We don’t know who will win the Iowa caucuses, but we do know what Iowa voters want.
As the leading Democrats seek to eek out a final lead, each delivered copious servings of substance, all pledging to achieve the same goals: an economy that works for everyone, health care for all, a clean energy future, affordable education and the end of the Iraq occupation.
Sen. Barack Obama’s final major speech stresses the urgency for change:
At this defining moment, we cannot wait any longer for universal health care. We cannot wait to fix our schools. We cannot wait for good jobs, and living wages, and pensions we can count on. We cannot wait to halt global warming, and we cannot wait to end this war in Iraq.
Former Sen. John Edwards’ 36-hour marathon campaign swing highlighted 36 policy proposals to “Create More Good Jobs,” “Help Families Save and Get Ahead,” “Pass True Universal Health Care,” “Strengthen Our Schools,” establish “Smart Trade Policy,” “Invest in Rural Areas,” and “Achieve Energy Independence.”
And Sen. Hillary Clinton hit the same themes in one of her final speeches:
…I believe we can move toward a health care system that covers everyone, that decreases costs for everyone, and improves quality for everyone.
…I have proposed a comprehensive energy plan that will be good for our security, that will be good for our environment because we do have to deal with the greenhouse gas emissions in our atmosphere, and that will be good for our economy…
…we’ve got to make college affordable for middle class and working families. Let’s make it easier for those kids who want to go to school … who say they don’t know how they’re going to afford it. They have to go into such deep debt.
…We’re going to have a new beginning to America’s leadership in the world. We’re going to start with ending the war in Iraq and bringing our troops home as quickly and responsibly as we possibly can.
It’s no coincidence that all the leading Democratic candidates are running on the same issues. They’re hearing want voters want, not just among Democratic caucusgoers, but among the broader electorate.
Contrast that with the Republican leaders in Iowa: former Gov. Mike Huckabee and former Gov. Mitt Romney.
The Republican candidates listened to voters as well, but mostly to voters who hate immigrants and gays.
Even though poll after poll shows Iraq, the economy and health care as more urgent priorities to address, and even though both candidates used to support more sensible and humane immigration policies, both couldn’t pander fast enough to the anti-immigrant minority.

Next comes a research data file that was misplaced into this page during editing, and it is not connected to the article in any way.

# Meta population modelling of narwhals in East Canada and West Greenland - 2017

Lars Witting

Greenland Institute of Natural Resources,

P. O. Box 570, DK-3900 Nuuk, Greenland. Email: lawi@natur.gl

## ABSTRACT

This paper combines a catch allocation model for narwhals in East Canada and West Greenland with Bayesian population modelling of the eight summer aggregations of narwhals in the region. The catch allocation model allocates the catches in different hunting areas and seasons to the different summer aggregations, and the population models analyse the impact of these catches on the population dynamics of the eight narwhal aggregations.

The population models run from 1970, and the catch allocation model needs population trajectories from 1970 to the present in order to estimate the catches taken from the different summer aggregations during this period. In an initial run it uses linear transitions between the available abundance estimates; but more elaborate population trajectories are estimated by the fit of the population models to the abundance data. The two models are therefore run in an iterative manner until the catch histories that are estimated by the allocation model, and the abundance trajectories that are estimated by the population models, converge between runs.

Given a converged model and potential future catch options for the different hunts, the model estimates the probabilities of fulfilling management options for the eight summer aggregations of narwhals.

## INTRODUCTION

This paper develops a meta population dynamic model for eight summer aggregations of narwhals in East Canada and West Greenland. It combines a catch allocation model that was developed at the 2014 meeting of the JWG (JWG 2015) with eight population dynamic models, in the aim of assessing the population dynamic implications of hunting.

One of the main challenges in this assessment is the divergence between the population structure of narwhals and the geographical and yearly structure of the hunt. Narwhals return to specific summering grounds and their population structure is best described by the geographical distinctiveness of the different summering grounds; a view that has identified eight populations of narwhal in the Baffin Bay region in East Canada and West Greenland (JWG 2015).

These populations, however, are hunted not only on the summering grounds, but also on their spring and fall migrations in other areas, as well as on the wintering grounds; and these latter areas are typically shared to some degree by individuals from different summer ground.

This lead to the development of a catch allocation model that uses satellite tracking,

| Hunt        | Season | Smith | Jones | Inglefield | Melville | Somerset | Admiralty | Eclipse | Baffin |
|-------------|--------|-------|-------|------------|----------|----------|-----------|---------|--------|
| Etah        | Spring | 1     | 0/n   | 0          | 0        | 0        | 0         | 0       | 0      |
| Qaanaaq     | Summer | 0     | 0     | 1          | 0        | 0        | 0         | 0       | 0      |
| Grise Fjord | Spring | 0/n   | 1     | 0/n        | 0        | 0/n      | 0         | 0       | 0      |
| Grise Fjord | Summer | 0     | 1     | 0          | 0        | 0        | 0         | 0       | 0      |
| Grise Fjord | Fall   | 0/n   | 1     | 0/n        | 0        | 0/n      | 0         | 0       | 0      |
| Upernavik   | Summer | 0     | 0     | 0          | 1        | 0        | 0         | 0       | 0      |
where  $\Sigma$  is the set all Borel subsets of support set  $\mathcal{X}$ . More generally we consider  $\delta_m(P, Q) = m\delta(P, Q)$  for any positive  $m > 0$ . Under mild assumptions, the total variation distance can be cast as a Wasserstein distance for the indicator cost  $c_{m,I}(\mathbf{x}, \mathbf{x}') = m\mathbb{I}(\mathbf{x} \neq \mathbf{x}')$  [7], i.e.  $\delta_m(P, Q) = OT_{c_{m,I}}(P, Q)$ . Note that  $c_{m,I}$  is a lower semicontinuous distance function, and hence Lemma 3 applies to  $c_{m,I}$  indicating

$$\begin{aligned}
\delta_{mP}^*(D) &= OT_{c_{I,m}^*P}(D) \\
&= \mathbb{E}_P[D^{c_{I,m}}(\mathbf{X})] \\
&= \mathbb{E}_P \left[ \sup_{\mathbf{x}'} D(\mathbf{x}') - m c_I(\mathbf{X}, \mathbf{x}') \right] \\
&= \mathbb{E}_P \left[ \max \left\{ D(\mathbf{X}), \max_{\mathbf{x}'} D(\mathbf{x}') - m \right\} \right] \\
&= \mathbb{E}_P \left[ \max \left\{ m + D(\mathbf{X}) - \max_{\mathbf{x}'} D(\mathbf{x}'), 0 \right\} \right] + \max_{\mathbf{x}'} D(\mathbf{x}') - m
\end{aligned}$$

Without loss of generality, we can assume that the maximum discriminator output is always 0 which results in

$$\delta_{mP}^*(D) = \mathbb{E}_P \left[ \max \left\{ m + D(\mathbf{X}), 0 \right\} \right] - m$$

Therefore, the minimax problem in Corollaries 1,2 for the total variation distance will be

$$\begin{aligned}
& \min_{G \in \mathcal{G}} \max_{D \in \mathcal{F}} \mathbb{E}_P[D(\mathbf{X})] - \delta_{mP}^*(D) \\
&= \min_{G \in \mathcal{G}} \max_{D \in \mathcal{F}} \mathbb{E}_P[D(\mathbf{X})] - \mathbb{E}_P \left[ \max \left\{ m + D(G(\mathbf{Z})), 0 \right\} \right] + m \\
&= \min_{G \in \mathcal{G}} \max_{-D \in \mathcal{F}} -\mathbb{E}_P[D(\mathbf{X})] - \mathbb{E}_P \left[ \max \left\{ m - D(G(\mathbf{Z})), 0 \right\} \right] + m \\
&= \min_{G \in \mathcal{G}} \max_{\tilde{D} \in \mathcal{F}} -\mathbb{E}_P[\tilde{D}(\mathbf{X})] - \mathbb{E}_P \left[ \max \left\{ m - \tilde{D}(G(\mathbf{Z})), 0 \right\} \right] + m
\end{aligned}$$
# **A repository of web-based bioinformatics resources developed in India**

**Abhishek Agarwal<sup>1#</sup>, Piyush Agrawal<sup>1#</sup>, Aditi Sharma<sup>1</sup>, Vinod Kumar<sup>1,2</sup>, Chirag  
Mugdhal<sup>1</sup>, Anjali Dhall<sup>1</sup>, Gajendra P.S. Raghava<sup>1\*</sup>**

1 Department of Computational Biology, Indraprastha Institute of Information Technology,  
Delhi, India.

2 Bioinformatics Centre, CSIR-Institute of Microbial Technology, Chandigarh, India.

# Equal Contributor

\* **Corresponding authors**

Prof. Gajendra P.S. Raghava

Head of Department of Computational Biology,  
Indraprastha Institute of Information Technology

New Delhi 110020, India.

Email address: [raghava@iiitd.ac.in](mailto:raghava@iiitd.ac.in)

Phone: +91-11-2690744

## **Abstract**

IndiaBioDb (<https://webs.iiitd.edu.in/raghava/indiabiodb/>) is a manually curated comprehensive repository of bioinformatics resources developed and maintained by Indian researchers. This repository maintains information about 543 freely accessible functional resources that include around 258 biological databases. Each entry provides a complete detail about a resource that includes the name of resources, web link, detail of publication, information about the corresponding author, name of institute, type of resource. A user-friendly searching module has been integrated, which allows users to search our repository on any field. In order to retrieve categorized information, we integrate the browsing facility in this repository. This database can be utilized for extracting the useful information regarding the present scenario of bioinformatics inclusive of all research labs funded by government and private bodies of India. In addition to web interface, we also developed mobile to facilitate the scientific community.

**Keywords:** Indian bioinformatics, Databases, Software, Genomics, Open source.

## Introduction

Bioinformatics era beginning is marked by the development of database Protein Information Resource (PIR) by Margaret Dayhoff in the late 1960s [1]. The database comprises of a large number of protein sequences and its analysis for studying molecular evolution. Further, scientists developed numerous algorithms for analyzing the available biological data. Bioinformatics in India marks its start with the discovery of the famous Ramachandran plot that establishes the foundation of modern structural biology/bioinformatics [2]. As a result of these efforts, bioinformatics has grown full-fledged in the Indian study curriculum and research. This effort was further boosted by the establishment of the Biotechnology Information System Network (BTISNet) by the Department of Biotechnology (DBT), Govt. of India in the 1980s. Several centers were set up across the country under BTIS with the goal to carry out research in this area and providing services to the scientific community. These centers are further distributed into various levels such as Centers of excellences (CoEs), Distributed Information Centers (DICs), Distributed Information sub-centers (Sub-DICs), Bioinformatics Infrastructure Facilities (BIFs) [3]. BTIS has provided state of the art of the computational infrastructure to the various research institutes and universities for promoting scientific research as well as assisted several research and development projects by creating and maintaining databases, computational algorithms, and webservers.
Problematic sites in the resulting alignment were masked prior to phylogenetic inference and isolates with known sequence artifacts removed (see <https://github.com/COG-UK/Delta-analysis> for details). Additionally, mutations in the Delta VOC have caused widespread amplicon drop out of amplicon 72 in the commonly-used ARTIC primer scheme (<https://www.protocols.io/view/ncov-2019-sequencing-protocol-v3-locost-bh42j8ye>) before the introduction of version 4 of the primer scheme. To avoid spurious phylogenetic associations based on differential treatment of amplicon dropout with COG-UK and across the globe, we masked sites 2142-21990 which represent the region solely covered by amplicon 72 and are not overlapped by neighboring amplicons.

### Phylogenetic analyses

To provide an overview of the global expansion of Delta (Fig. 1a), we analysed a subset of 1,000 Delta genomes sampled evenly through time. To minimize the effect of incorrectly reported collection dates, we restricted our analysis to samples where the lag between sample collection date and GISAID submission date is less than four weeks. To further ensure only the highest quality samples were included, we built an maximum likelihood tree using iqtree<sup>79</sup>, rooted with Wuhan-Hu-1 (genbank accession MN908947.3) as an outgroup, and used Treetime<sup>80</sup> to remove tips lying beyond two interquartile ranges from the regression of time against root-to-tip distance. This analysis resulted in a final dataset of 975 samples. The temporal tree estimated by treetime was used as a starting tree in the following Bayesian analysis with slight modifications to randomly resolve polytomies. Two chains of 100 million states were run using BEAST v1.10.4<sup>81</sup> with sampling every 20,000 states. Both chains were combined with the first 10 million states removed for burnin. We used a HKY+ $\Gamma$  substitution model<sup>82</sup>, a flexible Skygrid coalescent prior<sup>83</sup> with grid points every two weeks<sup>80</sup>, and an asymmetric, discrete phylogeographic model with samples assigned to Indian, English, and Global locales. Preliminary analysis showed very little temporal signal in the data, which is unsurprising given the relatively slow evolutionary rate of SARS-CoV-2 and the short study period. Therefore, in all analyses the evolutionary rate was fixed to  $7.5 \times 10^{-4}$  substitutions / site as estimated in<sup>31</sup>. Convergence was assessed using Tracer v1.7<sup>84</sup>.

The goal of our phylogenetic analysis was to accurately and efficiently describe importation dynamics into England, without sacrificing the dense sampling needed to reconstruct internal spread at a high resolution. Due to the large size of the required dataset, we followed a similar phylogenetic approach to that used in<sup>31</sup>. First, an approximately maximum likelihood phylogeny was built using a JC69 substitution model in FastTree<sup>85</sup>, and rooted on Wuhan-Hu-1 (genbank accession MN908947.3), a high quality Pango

(Huckabee’s defense of his pro-immigrant policies as governor soon were superceded by proudly accepting the endorsement of the founder of the border vigilante Minutemen.)
But Huckabee’s rise — to be at least the second-place candidate among Iowa Republicans — shows the breadth of support for a renewed economic populism.
Huckabee’s policies may not do much for working families. He does raise the prospect of fairer trade and a cap on greenhouse gas emissions. But he rejects universal health care and his national sales tax would be a disastrous boondoggle for the middle-class.
Nevertheless, he has rhetorically responded to the nation’s increasing economic angst.
For example, while Romney emphasizes his corporate background, Huckabee said last night, “People are looking for a presidential candidate who reminds them more of the guy they work with rather than the guy that laid them off.”
Huckabee’s campaign has exposed a rift within the conservative movement. More conservatives recognize that the corporate wing of the movement is not looking out for their interests.
And it’s an open question whether that rift can be healed by November, as the economic struggles of Americans of all ideological stripes is sure to continue.
No matter who wins the Democratic race, voters will be rallying behind an populist agenda that garners broad support beyond party lines.
No matter who wins the Republican race, conservative voters will show a split that further speaks to the reach of the populist message.
And that threatens the viability of the decades-long conservative project to use “God, guns and gays” to persaude working-class Americans to vote for politicians who let irresponsible corporate behavior run rampant.